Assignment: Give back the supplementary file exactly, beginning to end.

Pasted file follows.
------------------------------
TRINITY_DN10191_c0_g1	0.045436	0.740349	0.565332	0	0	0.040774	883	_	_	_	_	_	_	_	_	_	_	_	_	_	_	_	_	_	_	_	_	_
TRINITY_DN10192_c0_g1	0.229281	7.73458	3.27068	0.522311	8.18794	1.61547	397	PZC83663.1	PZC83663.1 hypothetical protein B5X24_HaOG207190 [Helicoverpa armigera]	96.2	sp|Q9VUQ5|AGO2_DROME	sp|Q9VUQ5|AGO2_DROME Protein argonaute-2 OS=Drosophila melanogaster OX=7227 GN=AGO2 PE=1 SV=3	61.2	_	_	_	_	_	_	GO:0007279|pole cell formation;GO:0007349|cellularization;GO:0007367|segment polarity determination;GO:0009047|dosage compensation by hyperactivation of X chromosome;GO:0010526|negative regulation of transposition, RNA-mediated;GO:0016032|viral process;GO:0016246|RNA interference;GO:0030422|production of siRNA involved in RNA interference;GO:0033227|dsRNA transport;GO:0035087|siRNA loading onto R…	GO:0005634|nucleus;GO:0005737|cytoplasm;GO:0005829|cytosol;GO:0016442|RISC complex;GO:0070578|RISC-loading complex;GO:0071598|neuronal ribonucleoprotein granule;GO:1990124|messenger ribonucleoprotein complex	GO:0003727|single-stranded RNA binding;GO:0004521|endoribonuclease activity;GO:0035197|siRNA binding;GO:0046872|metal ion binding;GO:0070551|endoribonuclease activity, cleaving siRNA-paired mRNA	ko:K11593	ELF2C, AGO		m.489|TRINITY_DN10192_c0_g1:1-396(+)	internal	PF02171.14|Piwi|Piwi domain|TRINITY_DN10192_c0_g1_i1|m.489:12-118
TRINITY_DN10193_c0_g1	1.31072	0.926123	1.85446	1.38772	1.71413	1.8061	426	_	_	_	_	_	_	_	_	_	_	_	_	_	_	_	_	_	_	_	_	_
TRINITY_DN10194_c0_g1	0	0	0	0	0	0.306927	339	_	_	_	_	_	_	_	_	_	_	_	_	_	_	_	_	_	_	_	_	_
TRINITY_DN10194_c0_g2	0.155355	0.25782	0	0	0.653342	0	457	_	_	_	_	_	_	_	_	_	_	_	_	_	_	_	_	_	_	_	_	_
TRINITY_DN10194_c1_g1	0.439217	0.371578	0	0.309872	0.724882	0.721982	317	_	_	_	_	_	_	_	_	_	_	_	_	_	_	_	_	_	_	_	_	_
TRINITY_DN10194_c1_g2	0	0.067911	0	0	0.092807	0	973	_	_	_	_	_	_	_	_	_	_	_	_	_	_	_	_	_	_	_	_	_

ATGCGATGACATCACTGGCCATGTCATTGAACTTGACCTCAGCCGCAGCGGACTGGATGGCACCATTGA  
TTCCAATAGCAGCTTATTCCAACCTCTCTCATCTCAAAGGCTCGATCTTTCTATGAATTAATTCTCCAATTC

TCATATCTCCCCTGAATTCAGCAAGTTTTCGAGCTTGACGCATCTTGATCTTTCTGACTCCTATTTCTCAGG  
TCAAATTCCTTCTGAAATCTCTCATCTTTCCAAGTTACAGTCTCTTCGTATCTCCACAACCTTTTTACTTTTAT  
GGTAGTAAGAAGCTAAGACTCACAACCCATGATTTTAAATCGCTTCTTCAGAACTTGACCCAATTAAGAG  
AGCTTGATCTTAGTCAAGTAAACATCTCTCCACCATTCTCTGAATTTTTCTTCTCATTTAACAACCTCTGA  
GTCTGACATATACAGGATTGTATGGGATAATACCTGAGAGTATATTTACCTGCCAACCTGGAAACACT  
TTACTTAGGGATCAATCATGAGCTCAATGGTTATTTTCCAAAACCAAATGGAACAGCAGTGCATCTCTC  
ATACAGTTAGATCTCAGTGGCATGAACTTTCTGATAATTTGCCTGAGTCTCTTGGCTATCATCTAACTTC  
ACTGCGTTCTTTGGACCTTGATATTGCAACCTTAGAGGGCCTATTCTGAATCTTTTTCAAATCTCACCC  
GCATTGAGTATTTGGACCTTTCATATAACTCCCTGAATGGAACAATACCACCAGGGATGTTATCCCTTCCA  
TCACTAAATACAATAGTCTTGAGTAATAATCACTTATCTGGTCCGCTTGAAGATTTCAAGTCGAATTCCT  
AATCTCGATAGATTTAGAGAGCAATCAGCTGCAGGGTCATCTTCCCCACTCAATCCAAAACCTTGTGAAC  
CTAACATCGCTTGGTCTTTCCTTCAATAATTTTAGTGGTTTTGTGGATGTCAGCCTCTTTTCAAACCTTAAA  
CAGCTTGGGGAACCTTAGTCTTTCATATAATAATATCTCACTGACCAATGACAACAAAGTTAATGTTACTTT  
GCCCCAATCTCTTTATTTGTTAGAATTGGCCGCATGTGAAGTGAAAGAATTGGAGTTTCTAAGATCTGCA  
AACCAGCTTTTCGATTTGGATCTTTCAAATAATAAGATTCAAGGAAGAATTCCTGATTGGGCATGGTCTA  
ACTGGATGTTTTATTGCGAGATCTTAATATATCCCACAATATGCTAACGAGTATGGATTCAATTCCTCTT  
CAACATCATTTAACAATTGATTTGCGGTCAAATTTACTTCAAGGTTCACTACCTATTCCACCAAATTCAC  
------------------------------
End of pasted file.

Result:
TRINITY_DN10191_c0_g1	0.045436	0.740349	0.565332	0	0	0.040774	883	_	_	_	_	_	_	_	_	_	_	_	_	_	_	_	_	_	_	_	_	_
TRINITY_DN10192_c0_g1	0.229281	7.73458	3.27068	0.522311	8.18794	1.61547	397	PZC83663.1	PZC83663.1 hypothetical protein B5X24_HaOG207190 [Helicoverpa armigera]	96.2	sp|Q9VUQ5|AGO2_DROME	sp|Q9VUQ5|AGO2_DROME Protein argonaute-2 OS=Drosophila melanogaster OX=7227 GN=AGO2 PE=1 SV=3	61.2	_	_	_	_	_	_	GO:0007279|pole cell formation;GO:0007349|cellularization;GO:0007367|segment polarity determination;GO:0009047|dosage compensation by hyperactivation of X chromosome;GO:0010526|negative regulation of transposition, RNA-mediated;GO:0016032|viral process;GO:0016246|RNA interference;GO:0030422|production of siRNA involved in RNA interference;GO:0033227|dsRNA transport;GO:0035087|siRNA loading onto R…	GO:0005634|nucleus;GO:0005737|cytoplasm;GO:0005829|cytosol;GO:0016442|RISC complex;GO:0070578|RISC-loading complex;GO:0071598|neuronal ribonucleoprotein granule;GO:1990124|messenger ribonucleoprotein complex	GO:0003727|single-stranded RNA binding;GO:0004521|endoribonuclease activity;GO:0035197|siRNA binding;GO:0046872|metal ion binding;GO:0070551|endoribonuclease activity, cleaving siRNA-paired mRNA	ko:K11593	ELF2C, AGO		m.489|TRINITY_DN10192_c0_g1:1-396(+)	internal	PF02171.14|Piwi|Piwi domain|TRINITY_DN10192_c0_g1_i1|m.489:12-118
TRINITY_DN10193_c0_g1	1.31072	0.926123	1.85446	1.38772	1.71413	1.8061	426	_	_	_	_	_	_	_	_	_	_	_	_	_	_	_	_	_	_	_	_	_
TRINITY_DN10194_c0_g1	0	0	0	0	0	0.306927	339	_	_	_	_	_	_	_	_	_	_	_	_	_	_	_	_	_	_	_	_	_
TRINITY_DN10194_c0_g2	0.155355	0.25782	0	0	0.653342	0	457	_	_	_	_	_	_	_	_	_	_	_	_	_	_	_	_	_	_	_	_	_
TRINITY_DN10194_c1_g1	0.439217	0.371578	0	0.309872	0.724882	0.721982	317	_	_	_	_	_	_	_	_	_	_	_	_	_	_	_	_	_	_	_	_	_
TRINITY_DN10194_c1_g2	0	0.067911	0	0	0.092807	0	973	_	_	_	_	_	_	_	_	_	_	_	_	_	_	_	_	_	_	_	_	_

ATGCGATGACATCACTGGCCATGTCATTGAACTTGACCTCAGCCGCAGCGGACTGGATGGCACCATTGA  
TTCCAATAGCAGCTTATTCCAACCTCTCTCATCTCAAAGGCTCGATCTTTCTATGAATTAATTCTCCAATTC

TCATATCTCCCCTGAATTCAGCAAGTTTTCGAGCTTGACGCATCTTGATCTTTCTGACTCCTATTTCTCAGG  
TCAAATTCCTTCTGAAATCTCTCATCTTTCCAAGTTACAGTCTCTTCGTATCTCCACAACCTTTTTACTTTTAT  
GGTAGTAAGAAGCTAAGACTCACAACCCATGATTTTAAATCGCTTCTTCAGAACTTGACCCAATTAAGAG  
AGCTTGATCTTAGTCAAGTAAACATCTCTCCACCATTCTCTGAATTTTTCTTCTCATTTAACAACCTCTGA  
GTCTGACATATACAGGATTGTATGGGATAATACCTGAGAGTATATTTACCTGCCAACCTGGAAACACT  
TTACTTAGGGATCAATCATGAGCTCAATGGTTATTTTCCAAAACCAAATGGAACAGCAGTGCATCTCTC  
ATACAGTTAGATCTCAGTGGCATGAACTTTCTGATAATTTGCCTGAGTCTCTTGGCTATCATCTAACTTC  
ACTGCGTTCTTTGGACCTTGATATTGCAACCTTAGAGGGCCTATTCTGAATCTTTTTCAAATCTCACCC  
GCATTGAGTATTTGGACCTTTCATATAACTCCCTGAATGGAACAATACCACCAGGGATGTTATCCCTTCCA  
TCACTAAATACAATAGTCTTGAGTAATAATCACTTATCTGGTCCGCTTGAAGATTTCAAGTCGAATTCCT  
AATCTCGATAGATTTAGAGAGCAATCAGCTGCAGGGTCATCTTCCCCACTCAATCCAAAACCTTGTGAAC  
CTAACATCGCTTGGTCTTTCCTTCAATAATTTTAGTGGTTTTGTGGATGTCAGCCTCTTTTCAAACCTTAAA  
CAGCTTGGGGAACCTTAGTCTTTCATATAATAATATCTCACTGACCAATGACAACAAAGTTAATGTTACTTT  
GCCCCAATCTCTTTATTTGTTAGAATTGGCCGCATGTGAAGTGAAAGAATTGGAGTTTCTAAGATCTGCA  
AACCAGCTTTTCGATTTGGATCTTTCAAATAATAAGATTCAAGGAAGAATTCCTGATTGGGCATGGTCTA  
ACTGGATGTTTTATTGCGAGATCTTAATATATCCCACAATATGCTAACGAGTATGGATTCAATTCCTCTT  
CAACATCATTTAACAATTGATTTGCGGTCAAATTTACTTCAAGGTTCACTACCTATTCCACCAAATTCAC  